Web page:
A common argument that lies implicit in such a view is that men can hoist the epitome of logic and rationale, while women remain embodied and limited because of their sexed bodies. Not only is there a collective failure in realising the human experience as gendered experience, especially in all traditional philosophical branches; the token conversations on gender in classrooms are most often prevailed by the conventional binary, implicitly inferring, in turn, heteronormativity as well.
Thus, gender remains systematically excluded because it hinders the achievement of an absolutist edifice of philosophy by emphasising subjective gendered experiences that further escort analysing oppression from various other axes viz., race, class, caste, etc.
While this is common in lectures of compulsory papers whose syllabi are always, without exception, dominated by male writers, some universities do provide options for feminism through optional papers and certificate courses.
The lectures of these courses quintessentially digress from the typical classroom model; the discussions are both critical and mutual, and the subject matter also invites more student participation as it involves lived experiences of people, struggles and resistance against subjugation. However, the number of cis-het male students enrolling in feminist courses is generally negligible.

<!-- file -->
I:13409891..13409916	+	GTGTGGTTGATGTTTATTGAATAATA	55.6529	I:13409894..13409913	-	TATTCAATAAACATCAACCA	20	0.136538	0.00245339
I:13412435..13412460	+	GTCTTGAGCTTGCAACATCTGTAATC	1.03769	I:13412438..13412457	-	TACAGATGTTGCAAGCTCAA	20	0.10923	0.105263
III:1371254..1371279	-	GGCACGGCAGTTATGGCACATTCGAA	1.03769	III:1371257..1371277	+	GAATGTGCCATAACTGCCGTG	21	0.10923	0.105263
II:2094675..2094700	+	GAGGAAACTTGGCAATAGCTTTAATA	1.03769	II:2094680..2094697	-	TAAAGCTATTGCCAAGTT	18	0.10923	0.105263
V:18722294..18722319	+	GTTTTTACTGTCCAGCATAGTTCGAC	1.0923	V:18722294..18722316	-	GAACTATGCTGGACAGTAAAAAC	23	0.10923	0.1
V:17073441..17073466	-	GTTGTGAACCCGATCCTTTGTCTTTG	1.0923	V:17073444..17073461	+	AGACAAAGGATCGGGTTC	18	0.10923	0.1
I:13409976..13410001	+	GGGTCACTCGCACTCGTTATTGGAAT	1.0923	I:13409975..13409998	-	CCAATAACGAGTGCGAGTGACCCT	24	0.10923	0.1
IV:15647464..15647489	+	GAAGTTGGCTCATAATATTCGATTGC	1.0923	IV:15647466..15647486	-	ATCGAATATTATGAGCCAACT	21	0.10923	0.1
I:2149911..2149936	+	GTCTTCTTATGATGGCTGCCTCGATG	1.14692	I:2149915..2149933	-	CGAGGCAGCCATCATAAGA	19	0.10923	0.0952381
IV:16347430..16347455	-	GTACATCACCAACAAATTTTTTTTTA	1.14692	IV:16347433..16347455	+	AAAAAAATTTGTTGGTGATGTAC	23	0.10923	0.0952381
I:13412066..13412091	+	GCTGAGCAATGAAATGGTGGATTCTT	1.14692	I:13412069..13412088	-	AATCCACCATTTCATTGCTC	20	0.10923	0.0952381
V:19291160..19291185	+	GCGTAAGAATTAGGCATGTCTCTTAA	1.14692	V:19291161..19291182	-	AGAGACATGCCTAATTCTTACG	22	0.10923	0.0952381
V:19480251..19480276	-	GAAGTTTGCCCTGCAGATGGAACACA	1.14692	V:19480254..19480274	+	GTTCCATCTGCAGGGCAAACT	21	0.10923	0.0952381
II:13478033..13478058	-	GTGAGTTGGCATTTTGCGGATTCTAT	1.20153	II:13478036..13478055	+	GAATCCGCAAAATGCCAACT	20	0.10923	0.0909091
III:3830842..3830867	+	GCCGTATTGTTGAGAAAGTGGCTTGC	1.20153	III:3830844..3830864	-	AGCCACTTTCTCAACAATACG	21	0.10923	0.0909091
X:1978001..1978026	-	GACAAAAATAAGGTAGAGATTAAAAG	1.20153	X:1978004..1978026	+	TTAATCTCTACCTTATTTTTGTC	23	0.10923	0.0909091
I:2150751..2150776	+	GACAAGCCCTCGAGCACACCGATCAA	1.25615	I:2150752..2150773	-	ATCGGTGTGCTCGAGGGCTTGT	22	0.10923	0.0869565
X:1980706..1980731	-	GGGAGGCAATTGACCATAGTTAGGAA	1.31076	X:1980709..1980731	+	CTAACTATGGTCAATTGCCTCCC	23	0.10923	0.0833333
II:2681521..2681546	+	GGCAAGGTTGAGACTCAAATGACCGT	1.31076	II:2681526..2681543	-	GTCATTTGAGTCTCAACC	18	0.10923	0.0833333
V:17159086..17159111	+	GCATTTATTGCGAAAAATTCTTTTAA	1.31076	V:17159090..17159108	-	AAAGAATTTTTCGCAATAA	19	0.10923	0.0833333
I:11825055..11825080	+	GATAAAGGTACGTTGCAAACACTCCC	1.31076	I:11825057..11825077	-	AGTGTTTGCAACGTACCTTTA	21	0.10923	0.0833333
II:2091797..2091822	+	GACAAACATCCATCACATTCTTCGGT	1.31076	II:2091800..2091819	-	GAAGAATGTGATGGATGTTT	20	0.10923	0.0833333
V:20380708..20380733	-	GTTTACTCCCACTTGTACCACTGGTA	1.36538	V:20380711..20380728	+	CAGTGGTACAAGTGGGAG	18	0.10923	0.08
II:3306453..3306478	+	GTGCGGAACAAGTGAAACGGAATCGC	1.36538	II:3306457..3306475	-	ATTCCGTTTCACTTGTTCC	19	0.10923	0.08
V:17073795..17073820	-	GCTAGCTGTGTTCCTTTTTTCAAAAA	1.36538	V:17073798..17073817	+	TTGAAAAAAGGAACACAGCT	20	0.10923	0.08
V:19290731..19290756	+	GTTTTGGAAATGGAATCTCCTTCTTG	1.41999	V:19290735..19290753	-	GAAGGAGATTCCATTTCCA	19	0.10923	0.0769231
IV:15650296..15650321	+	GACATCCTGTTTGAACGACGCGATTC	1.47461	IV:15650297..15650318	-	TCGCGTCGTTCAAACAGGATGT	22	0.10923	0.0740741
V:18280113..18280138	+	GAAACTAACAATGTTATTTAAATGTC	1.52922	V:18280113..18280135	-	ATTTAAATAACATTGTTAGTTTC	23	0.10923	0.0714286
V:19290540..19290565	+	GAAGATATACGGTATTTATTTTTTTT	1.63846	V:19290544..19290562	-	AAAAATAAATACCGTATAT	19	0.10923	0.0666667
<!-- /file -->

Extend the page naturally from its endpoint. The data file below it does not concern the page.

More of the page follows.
In our last semester of post-graduation at the Delhi University, when the class came across Judith Butler’s “Gender Regulations”, some students insisted on reading another paper that they considered to be more important. It was ironic to see how a course entitled “A Critical Reading of Western Philosophy” had mostly male thinkers, and the one philosopher that penetrated this intellectual gender hegemony was potentially disregarded.
In a class of more than a hundred students, few of us also naturally assumed Butler to be a man. Moreover, there was a constant struggle for both students and the professor to use they/them pronouns because Butler identifies as non-binary. Instead, gender binary pronouns she/her were more often used.
Veridically, these theoretical practices are translated in the form of unreported sexual harassment cases on campus and their non-addressal. Such incidents are only known through grapevine channels and often die out on their own due to a lack of safe platforms, fear from authorities, shame and guilt among other reasons.
Philosophy, even in its grandeur of “liberal” doctrines, makes little or no room for confronting gender-based misdemeanours and discrimination.
For philosophy to become truly inclusive, it needs to scrap the ideal of objectivity and acknowledge how this quest of objectivism has led to a totalitarian and oppressive genesis of social-epistemic practices. Its architects usually belonged to the privileged cohort and either remained ignorant or failed to address the material problems surrounding gender.
Simultaneously, the lectures in the universities need to analyse the scholarship of thinkers in a broader context, bringing forth and critiquing the dogmas that they endorsed. This would only be a first step towards identifying that gender issues are philosophical issues, the realisation of which will come through pragmatic, constructive changes, critical discussions and textbooks as well.
Disha is a recent Philosophy post-graduate from the University of Delhi. She is academically inclined towards researching and studying feminist social epistemology. Her two stray cats top her love interests list. She is on Instagram